Skip to main content

March, Peyton C.

March, Peyton C. (1864–1955), army chief of staff in World War I.A West Pointer (Class of 1888) and artillery officer, March won distinction in combat during the Spanish‐American War and the Philippine War. Later, he enhanced his reputation as a troop leader in battery and regimental commands and as an efficient staff officer through his service on the first General Staff and in the Adjutant General's Office. During World War I, after serving as chief of artillery in the American Expeditionary Force, he returned to become the army's chief of staff in the spring of 1918. His hard, coldly efficient dynamism galvanized army logistics during the remaining months of the war.

March's major achievement was the shipment of 1.75 million men to France in time to turn the tide to victory. In his remaining years in office, until 1921, he supervised the demobilization of the wartime army and the reorganization of the postwar army. As the nation's first strong wartime chief of staff, he developed a tense relationship with field commander Gen. John J. Pershing, but he laid the foundation for the future power of that office. In 1932, March published The Nation at War, an account of his and the General Staff's contributions in World War I.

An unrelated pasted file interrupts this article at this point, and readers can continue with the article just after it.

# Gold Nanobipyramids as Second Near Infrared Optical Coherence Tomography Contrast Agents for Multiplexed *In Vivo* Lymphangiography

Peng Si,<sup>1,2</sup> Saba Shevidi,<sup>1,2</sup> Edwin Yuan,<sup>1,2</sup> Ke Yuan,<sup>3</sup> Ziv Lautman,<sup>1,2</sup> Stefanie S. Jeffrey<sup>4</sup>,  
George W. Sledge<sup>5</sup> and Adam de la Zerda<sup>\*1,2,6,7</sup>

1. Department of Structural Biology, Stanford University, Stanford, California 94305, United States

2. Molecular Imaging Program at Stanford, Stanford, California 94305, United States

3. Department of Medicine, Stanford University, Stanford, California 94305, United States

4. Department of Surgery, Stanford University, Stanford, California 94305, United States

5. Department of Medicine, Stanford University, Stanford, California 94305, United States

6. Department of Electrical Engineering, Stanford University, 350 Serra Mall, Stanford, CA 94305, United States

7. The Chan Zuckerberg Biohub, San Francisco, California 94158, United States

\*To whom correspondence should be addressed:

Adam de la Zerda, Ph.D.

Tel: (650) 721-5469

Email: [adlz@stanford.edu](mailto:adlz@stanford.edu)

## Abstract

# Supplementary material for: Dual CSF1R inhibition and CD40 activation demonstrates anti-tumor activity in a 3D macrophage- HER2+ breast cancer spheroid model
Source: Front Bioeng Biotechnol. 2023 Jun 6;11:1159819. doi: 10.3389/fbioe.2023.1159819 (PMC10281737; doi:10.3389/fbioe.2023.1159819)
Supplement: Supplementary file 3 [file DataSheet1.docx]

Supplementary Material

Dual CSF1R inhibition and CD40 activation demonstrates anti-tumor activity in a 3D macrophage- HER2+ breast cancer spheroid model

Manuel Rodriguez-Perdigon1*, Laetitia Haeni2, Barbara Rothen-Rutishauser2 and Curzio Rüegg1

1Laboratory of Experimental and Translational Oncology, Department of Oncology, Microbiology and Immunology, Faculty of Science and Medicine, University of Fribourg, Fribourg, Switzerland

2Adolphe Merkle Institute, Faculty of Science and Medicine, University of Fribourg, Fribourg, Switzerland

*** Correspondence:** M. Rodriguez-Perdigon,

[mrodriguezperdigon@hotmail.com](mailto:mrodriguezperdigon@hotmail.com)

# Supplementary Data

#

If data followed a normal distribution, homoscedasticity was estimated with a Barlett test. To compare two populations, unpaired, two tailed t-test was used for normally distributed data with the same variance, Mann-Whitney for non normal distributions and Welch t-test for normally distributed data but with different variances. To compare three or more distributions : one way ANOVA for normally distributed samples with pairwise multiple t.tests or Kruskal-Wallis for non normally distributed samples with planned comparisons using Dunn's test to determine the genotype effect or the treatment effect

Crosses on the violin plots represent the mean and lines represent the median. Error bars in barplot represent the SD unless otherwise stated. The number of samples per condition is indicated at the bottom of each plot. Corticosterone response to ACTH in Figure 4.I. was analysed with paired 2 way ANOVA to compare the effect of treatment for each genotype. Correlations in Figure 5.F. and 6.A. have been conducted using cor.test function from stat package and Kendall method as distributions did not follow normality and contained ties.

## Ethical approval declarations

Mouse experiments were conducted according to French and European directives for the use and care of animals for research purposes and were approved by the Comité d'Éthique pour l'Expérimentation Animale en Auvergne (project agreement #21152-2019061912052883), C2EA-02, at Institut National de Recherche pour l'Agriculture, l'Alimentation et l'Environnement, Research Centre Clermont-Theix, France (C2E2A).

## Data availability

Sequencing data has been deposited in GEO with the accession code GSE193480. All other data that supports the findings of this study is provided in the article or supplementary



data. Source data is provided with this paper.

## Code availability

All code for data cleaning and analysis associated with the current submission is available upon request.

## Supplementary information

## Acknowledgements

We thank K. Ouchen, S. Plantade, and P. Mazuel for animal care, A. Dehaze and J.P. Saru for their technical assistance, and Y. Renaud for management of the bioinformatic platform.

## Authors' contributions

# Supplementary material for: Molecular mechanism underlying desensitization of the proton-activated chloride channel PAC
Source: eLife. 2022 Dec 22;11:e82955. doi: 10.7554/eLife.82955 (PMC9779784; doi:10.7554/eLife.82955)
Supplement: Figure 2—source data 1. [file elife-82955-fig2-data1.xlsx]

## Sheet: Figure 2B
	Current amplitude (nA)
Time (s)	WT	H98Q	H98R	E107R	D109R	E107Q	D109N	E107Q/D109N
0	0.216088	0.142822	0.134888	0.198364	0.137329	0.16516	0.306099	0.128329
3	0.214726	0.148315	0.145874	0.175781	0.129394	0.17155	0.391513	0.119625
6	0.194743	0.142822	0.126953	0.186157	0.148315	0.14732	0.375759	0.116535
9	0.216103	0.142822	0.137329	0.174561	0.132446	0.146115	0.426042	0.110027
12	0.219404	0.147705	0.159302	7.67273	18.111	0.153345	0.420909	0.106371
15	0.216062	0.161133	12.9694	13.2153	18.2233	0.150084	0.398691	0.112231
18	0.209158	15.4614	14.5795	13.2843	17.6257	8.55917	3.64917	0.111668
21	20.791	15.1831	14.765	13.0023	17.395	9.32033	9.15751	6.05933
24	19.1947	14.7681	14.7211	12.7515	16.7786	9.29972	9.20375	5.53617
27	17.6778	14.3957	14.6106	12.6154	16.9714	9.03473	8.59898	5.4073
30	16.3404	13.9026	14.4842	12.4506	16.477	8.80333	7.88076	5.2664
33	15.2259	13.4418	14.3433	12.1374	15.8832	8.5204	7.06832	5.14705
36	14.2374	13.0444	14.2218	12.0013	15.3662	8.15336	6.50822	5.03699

[See also World War I: Military and Diplomatic Course; World War I: Postwar Impact.]


Edward M. Coffman , The Hilt of the Sword: The Career of Peyton C. March, 1966.

Edward M. Coffman

Cite this article
Pick a style below, and copy the text for your bibliography.

  • MLA
  • Chicago
  • APA

"March, Peyton C.." The Oxford Companion to American Military History. . 19 Mar. 2019 <>.

"March, Peyton C.." The Oxford Companion to American Military History. . (March 19, 2019).

"March, Peyton C.." The Oxford Companion to American Military History. . Retrieved March 19, 2019 from

Learn more about citation styles

Citation styles gives you the ability to cite reference entries and articles according to common styles from the Modern Language Association (MLA), The Chicago Manual of Style, and the American Psychological Association (APA).

Within the “Cite this article” tool, pick a style to see how all available information looks when formatted according to that style. Then, copy and paste the text into your bibliography or works cited list.

Because each style has its own formatting nuances that evolve over time and not all information is available for every reference entry or article, cannot guarantee each citation it generates. Therefore, it’s best to use citations as a starting point before checking the style against your school or publication’s requirements and the most-recent information available at these sites:

Modern Language Association

The Chicago Manual of Style

American Psychological Association

  • Most online reference entries and articles do not have page numbers. Therefore, that information is unavailable for most content. However, the date of retrieval is often important. Refer to each style’s convention regarding the best way to format page numbers and retrieval dates.
  • In addition to the MLA, Chicago, and APA styles, your school, university, publication, or institution may have its own requirements for citations. Therefore, be sure to refer to those guidelines when editing your bibliography or works cited list.